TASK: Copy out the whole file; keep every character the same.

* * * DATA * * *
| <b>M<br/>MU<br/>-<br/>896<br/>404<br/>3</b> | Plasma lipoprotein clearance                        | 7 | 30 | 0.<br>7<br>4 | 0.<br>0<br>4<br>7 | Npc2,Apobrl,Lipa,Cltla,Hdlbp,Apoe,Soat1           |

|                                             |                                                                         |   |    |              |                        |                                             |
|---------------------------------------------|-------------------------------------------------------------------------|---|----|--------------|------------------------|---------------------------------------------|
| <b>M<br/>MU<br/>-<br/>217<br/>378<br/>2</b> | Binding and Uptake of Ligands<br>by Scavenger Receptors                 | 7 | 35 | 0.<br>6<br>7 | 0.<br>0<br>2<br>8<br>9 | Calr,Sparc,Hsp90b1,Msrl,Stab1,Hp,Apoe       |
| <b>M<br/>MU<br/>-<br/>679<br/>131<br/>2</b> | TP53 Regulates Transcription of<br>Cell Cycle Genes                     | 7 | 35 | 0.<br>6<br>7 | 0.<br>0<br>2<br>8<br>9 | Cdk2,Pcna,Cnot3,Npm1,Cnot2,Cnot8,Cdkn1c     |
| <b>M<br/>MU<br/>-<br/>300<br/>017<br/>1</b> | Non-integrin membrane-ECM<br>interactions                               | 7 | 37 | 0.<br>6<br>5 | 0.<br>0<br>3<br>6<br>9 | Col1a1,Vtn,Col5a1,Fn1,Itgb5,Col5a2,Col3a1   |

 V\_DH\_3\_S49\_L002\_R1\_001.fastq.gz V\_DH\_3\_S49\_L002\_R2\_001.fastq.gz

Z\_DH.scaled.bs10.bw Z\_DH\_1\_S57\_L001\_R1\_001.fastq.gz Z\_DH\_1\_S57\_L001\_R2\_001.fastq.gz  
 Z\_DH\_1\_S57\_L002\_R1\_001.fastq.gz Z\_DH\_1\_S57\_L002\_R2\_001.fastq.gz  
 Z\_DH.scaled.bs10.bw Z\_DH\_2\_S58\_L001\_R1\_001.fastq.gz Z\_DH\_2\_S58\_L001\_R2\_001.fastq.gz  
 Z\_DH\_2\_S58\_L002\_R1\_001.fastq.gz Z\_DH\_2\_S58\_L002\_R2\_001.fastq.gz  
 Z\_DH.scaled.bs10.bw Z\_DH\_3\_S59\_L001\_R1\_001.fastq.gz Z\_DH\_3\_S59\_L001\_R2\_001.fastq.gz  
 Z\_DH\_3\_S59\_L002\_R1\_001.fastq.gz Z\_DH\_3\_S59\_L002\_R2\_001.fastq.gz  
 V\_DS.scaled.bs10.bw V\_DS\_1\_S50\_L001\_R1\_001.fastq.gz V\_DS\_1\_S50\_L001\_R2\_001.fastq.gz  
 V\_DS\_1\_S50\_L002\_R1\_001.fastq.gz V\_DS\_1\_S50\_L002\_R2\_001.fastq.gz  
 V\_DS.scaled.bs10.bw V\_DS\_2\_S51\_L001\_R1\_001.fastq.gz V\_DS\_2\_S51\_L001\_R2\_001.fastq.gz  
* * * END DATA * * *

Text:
| <b>M<br/>MU<br/>-<br/>896<br/>404<br/>3</b> | Plasma lipoprotein clearance                        | 7 | 30 | 0.<br>7<br>4 | 0.<br>0<br>4<br>7 | Npc2,Apobrl,Lipa,Cltla,Hdlbp,Apoe,Soat1           |

|                                             |                                                                         |   |    |              |                        |                                             |
|---------------------------------------------|-------------------------------------------------------------------------|---|----|--------------|------------------------|---------------------------------------------|
| <b>M<br/>MU<br/>-<br/>217<br/>378<br/>2</b> | Binding and Uptake of Ligands<br>by Scavenger Receptors                 | 7 | 35 | 0.<br>6<br>7 | 0.<br>0<br>2<br>8<br>9 | Calr,Sparc,Hsp90b1,Msrl,Stab1,Hp,Apoe       |
| <b>M<br/>MU<br/>-<br/>679<br/>131<br/>2</b> | TP53 Regulates Transcription of<br>Cell Cycle Genes                     | 7 | 35 | 0.<br>6<br>7 | 0.<br>0<br>2<br>8<br>9 | Cdk2,Pcna,Cnot3,Npm1,Cnot2,Cnot8,Cdkn1c     |
| <b>M<br/>MU<br/>-<br/>300<br/>017<br/>1</b> | Non-integrin membrane-ECM<br>interactions                               | 7 | 37 | 0.<br>6<br>5 | 0.<br>0<br>3<br>6<br>9 | Col1a1,Vtn,Col5a1,Fn1,Itgb5,Col5a2,Col3a1   |

 V\_DH\_3\_S49\_L002\_R1\_001.fastq.gz V\_DH\_3\_S49\_L002\_R2\_001.fastq.gz

Z\_DH.scaled.bs10.bw Z\_DH\_1\_S57\_L001\_R1\_001.fastq.gz Z\_DH\_1\_S57\_L001\_R2\_001.fastq.gz  
 Z\_DH\_1\_S57\_L002\_R1\_001.fastq.gz Z\_DH\_1\_S57\_L002\_R2\_001.fastq.gz  
 Z\_DH.scaled.bs10.bw Z\_DH\_2\_S58\_L001\_R1\_001.fastq.gz Z\_DH\_2\_S58\_L001\_R2\_001.fastq.gz  
 Z\_DH\_2\_S58\_L002\_R1\_001.fastq.gz Z\_DH\_2\_S58\_L002\_R2\_001.fastq.gz  
 Z\_DH.scaled.bs10.bw Z\_DH\_3\_S59\_L001\_R1\_001.fastq.gz Z\_DH\_3\_S59\_L001\_R2\_001.fastq.gz  
 Z\_DH\_3\_S59\_L002\_R1\_001.fastq.gz Z\_DH\_3\_S59\_L002\_R2\_001.fastq.gz  
 V\_DS.scaled.bs10.bw V\_DS\_1\_S50\_L001\_R1\_001.fastq.gz V\_DS\_1\_S50\_L001\_R2\_001.fastq.gz  
 V\_DS\_1\_S50\_L002\_R1\_001.fastq.gz V\_DS\_1\_S50\_L002\_R2\_001.fastq.gz  
 V\_DS.scaled.bs10.bw V\_DS\_2\_S51\_L001\_R1\_001.fastq.gz V\_DS\_2\_S51\_L001\_R2\_001.fastq.gz  